In its Decision File No. II. ÚS 3101/18, dated 2 May 2019, the Constitutional Court ruled that the entitlement to be paid a contractual penalty by a former employee who signed a non-compete clause results from the breach of duty on the part of the former employee. The duration of new employment or the issue of whether the employee actually uses (or misuses) any confidential information is not of the essence.

The Constitutional Court addressed the question of whether a breach of a non-compete clause may be deemed marginal in circumstances in which the new employment only lasts for a short time or if the employee refrains from using (misusing) confidential information for the benefit of the new employer or the employee’s own business. If yes, such a breach could have been deemed marginal, thus releasing the employee from the duty to pay the contractual penalty (as previously decided by the Supreme Court).

The Constitutional Court held that the entitlement to a contractual penalty included in a non-compete clause materializes exclusively based upon the breach of duty itself, i.e., on the breach of duty of the former employee to refrain from any economic activity identical to the business of the previous employer or which would compete therewith. The duration of such new employment or the issue of whether the employee does or does not actually use (or misuse) any confidential information to benefit the new employer or the employee’s new business has no importance in that respect.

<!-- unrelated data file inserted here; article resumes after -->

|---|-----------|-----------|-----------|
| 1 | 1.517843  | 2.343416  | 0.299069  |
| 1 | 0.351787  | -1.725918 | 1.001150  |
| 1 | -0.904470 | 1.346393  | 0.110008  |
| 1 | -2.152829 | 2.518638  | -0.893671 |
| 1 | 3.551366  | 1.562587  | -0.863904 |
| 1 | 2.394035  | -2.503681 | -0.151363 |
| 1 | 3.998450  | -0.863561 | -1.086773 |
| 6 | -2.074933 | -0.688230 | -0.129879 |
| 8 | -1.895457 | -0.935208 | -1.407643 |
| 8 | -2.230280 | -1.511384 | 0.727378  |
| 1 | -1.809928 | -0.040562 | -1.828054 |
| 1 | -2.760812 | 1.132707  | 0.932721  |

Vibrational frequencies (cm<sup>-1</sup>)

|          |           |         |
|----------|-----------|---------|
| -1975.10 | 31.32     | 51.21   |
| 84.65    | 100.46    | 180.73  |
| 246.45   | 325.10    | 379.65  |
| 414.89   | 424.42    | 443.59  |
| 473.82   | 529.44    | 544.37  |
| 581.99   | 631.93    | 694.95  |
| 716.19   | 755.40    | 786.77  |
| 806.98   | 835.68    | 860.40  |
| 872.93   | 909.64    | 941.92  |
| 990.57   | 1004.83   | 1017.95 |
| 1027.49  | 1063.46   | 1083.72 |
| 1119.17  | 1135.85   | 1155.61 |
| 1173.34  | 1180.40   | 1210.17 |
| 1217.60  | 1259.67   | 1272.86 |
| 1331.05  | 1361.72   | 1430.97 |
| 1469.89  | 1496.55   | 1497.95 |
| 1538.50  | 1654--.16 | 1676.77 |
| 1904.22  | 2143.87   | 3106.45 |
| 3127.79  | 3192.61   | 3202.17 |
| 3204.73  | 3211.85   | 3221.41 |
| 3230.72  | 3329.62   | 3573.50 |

The opinion of the Constitutional Court is that the desired equilibrium in the mutual relationship can be best achieved solely through the original contractual provisions as specified in the non-compete clause (without interference from courts as to the sum of the penalty). The Court’s reasoning was that this approach protects the right to conduct business but also properly reflects the freedom of choice of employment.

The Constitutional Court further stated that the opinion expressed by the Supreme Court, which stressed the marginal scope of the breach of contractual duty deriving from the non-compete clause, would cast serious doubts upon the application of non-compete clauses with employers and lose the certainty of whether possible breaches by employees would or would not be held marginal, resulting in the non-compete clauses losing their practical usefulness for employers altogether.

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